Climate Summary for Florida - August 2013
Prepared by Melissa Griffin and David F. Zierden.
Special thanks to Lauren Zuromski.
Florida Climate Center
The Florida State University
Average temperatures varied across the state in August. Average temperatures varied during August across the entire state (Table 1 and Appendix 1). Departures from normal ranged from -1.1˚F in Ft. Lauderdale and Key West to 1.8˚F in St. Petersburg. Average temperatures for August 2013 were the warmest on record in St. Petersburg and the 7th warmest in Daytona Beach; while the maximum temperatures were the 10th coldest in Key West and Fort Pierce and minimum temperatures were the warmest on record at Bartow, Moore Have Lock and West Palm Beach. There were a number of low maximum and high minimum temperatures tied and broken during August (Appendix 2).
Table 1: August average temperatures and departures from normal (°F) for selected cities.
Rainfall totals varied across the state in August. Rainfall totals across the state varied in August (Table 2). Portions of the Big Bend, Panhandle and the west coast of Florida recorded up to 8 inches above normal precipitation, while portions along the east coast from Titusville to the Keys, including most of Dade and Monroe counties, had up to 5 inches below normal rainfall (Figure 1). The additional rainfall this summer has prompted releases of Lake Okeechobee to alleviate stress on the Herbert Hoover Dike, but the releases are also being blamed for the red tide that killed 133 manatees near Fort Myers and toxic algae blooms in the St. Lucie River. August 2013 was the driest on record at Vero Beach and 8th wettest on record in Tampa. Numerous 24-hour precipitation records were broken for the month (Table 3).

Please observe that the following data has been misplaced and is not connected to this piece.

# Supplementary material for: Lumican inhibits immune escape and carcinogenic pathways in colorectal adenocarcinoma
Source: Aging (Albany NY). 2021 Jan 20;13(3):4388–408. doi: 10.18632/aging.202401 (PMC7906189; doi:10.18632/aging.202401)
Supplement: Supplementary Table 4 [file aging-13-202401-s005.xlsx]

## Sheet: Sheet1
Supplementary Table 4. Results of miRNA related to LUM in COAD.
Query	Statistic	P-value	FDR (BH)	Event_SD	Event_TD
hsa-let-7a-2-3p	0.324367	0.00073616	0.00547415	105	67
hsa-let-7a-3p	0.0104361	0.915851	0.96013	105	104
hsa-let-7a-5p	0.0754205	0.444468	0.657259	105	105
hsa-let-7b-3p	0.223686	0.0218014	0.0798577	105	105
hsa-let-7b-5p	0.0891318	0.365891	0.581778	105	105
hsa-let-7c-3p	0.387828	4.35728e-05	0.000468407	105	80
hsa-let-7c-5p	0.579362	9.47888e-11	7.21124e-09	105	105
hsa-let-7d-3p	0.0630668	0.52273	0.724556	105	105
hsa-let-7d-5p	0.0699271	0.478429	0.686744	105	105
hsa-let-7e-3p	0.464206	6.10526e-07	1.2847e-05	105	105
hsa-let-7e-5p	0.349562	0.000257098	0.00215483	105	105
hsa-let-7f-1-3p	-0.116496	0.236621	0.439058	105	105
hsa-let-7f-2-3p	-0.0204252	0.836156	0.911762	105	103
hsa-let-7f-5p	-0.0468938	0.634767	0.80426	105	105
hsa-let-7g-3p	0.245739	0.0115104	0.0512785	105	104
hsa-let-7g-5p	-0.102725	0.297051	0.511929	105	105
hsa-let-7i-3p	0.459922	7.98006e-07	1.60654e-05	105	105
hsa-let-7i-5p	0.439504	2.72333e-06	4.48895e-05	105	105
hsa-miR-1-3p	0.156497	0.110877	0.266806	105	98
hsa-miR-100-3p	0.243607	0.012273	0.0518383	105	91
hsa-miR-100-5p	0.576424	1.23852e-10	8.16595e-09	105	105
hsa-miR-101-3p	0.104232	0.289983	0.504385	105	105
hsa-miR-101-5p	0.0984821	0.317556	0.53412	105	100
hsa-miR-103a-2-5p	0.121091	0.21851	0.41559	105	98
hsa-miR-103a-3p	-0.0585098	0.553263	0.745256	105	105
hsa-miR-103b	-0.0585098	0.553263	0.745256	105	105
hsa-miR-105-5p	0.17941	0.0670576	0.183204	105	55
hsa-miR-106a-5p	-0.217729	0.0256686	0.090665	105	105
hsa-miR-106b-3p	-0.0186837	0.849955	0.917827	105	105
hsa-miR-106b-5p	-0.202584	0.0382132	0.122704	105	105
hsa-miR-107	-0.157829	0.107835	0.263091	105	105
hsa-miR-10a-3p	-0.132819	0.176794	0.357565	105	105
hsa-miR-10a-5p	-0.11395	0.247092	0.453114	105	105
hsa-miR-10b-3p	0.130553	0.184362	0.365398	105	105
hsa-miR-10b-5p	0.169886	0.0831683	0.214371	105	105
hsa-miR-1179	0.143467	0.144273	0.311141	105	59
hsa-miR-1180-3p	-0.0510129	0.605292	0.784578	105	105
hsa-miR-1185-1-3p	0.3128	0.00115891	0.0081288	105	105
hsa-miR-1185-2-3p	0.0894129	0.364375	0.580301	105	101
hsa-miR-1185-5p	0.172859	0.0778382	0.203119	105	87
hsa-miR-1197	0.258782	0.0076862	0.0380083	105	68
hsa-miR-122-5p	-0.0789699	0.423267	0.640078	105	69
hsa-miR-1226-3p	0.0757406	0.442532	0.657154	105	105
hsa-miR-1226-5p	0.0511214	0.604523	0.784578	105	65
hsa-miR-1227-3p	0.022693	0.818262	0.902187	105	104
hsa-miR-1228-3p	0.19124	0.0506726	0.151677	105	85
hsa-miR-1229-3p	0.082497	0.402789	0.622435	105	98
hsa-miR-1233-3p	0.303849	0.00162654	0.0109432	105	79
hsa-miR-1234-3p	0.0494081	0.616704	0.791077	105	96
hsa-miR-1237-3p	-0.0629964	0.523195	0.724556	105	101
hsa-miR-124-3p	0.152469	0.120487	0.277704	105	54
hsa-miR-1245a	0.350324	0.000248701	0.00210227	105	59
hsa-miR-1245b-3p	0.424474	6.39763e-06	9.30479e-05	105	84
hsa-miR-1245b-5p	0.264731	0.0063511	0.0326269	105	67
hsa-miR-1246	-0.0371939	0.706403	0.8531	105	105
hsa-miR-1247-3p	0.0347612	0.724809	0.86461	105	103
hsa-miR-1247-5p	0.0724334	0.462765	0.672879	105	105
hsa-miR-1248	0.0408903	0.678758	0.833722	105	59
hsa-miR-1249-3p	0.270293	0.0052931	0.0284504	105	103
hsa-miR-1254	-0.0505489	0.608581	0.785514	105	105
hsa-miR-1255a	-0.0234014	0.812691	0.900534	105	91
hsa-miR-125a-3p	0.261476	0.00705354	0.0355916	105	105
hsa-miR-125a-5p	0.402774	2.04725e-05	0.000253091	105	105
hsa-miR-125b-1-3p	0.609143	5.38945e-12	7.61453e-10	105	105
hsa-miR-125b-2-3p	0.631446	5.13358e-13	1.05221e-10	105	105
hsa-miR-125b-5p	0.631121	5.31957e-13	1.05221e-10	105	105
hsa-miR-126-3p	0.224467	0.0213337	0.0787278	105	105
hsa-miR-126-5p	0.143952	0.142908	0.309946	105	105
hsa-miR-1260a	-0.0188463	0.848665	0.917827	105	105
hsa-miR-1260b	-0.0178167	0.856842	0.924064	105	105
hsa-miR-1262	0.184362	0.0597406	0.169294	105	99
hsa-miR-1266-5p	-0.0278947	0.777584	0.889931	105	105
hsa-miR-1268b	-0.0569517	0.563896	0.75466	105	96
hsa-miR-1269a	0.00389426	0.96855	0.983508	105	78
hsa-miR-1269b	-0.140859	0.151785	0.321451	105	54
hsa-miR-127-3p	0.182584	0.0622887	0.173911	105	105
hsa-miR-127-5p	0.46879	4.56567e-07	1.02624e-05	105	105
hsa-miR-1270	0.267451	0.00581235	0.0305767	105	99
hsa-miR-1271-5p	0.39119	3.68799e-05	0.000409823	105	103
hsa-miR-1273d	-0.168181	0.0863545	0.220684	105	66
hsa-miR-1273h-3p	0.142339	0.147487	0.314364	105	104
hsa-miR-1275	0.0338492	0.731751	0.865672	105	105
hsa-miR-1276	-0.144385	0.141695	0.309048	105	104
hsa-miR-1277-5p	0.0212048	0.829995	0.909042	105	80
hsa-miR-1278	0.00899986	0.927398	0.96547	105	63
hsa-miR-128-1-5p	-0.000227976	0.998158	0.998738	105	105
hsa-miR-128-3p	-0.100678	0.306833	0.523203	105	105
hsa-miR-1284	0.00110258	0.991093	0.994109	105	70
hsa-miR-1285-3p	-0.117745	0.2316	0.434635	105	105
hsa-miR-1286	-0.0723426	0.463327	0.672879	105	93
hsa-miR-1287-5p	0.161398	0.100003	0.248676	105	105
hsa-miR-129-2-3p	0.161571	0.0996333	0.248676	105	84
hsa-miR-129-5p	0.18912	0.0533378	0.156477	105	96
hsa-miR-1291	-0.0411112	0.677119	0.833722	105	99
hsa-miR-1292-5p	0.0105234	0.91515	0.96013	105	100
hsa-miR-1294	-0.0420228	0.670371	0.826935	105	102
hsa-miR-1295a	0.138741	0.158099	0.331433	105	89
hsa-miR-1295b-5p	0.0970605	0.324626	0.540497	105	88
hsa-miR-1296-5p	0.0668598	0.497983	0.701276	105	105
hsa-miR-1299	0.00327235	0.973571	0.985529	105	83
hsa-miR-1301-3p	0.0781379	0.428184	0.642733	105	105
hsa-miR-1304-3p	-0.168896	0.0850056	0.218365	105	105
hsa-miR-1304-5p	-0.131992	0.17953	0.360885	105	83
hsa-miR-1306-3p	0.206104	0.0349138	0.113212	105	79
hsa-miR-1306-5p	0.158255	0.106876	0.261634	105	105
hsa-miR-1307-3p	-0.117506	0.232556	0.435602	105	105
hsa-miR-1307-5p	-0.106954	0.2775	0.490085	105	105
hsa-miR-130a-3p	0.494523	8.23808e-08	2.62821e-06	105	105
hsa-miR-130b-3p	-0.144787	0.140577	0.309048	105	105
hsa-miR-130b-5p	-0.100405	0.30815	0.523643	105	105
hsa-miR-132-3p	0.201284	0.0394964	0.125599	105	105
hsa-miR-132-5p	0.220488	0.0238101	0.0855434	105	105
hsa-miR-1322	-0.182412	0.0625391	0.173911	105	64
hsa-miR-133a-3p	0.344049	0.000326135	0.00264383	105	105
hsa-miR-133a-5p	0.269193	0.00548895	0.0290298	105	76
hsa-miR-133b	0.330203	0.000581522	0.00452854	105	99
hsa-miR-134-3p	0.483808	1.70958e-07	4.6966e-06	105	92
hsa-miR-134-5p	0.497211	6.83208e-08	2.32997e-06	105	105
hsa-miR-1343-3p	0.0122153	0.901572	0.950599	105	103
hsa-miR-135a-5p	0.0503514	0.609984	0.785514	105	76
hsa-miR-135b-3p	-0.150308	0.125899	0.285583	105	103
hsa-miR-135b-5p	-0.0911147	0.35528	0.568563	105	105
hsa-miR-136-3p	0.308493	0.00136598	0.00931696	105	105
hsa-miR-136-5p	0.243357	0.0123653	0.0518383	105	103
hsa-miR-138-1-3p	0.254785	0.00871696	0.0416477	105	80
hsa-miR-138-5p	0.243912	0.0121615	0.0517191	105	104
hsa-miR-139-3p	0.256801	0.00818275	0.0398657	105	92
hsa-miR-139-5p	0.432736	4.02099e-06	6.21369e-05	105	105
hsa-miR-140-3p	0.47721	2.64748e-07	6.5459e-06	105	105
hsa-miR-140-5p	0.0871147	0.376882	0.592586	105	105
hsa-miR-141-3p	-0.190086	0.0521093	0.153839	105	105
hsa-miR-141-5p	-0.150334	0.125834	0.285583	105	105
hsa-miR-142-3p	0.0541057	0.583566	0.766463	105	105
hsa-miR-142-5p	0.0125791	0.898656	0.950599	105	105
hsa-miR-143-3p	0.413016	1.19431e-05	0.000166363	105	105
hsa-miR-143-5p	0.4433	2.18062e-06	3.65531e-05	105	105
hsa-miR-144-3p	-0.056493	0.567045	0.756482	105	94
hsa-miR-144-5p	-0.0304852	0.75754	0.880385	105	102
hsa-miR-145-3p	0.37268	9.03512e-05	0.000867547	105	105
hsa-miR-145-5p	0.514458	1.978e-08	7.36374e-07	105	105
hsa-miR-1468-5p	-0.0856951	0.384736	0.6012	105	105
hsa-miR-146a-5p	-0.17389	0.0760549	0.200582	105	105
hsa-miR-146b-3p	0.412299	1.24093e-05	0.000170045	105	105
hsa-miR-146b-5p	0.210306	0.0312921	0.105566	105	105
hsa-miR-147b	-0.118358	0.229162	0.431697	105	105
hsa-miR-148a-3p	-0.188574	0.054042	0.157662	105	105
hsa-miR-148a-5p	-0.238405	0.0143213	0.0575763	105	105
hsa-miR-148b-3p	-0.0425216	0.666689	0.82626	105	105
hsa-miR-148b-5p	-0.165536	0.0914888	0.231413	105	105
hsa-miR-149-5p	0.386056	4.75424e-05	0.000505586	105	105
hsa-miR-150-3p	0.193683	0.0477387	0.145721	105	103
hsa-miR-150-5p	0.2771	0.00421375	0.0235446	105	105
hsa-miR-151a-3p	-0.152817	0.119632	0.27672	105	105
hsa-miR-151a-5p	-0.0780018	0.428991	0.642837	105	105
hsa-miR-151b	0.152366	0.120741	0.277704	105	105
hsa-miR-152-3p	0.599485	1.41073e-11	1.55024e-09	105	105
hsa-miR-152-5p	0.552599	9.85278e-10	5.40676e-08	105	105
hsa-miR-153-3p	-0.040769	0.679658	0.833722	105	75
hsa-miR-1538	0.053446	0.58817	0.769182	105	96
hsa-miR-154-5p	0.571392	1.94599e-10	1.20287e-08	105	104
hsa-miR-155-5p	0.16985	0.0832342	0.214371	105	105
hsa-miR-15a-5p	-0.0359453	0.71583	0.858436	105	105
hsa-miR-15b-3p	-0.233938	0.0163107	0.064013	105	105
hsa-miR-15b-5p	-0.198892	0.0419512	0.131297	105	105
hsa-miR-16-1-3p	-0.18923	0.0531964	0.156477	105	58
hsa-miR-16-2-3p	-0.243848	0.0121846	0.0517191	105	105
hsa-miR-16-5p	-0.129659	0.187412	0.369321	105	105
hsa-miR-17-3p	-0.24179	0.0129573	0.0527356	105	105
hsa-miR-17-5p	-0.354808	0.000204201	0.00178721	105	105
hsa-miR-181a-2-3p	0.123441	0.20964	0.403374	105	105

Table 2: August precipitation totals and departures from normal (inches) for selected cities.
Table 3: Select daily rainfall records (inches) broken during August (compiled from NOAA, NWS).
Figure 1: A graphical depiction of the monthly rainfall departure from normal (inches) for August is given in the figure below (courtesy of NOAA, NWS).
ENSO-neutral conditions continue in the Pacific. Neutral ENSO conditions continue to be reported for the equatorial Pacific, with the equatorial sea surface temperatures (SST) near average across the western and central Pacific Ocean and below average in the eastern Pacific. ENSO-neutral conditions are favored to continue through the fall of 2013. The Climate Prediction Center (CPC) predicts normal precipitation and temperatures for the state through November.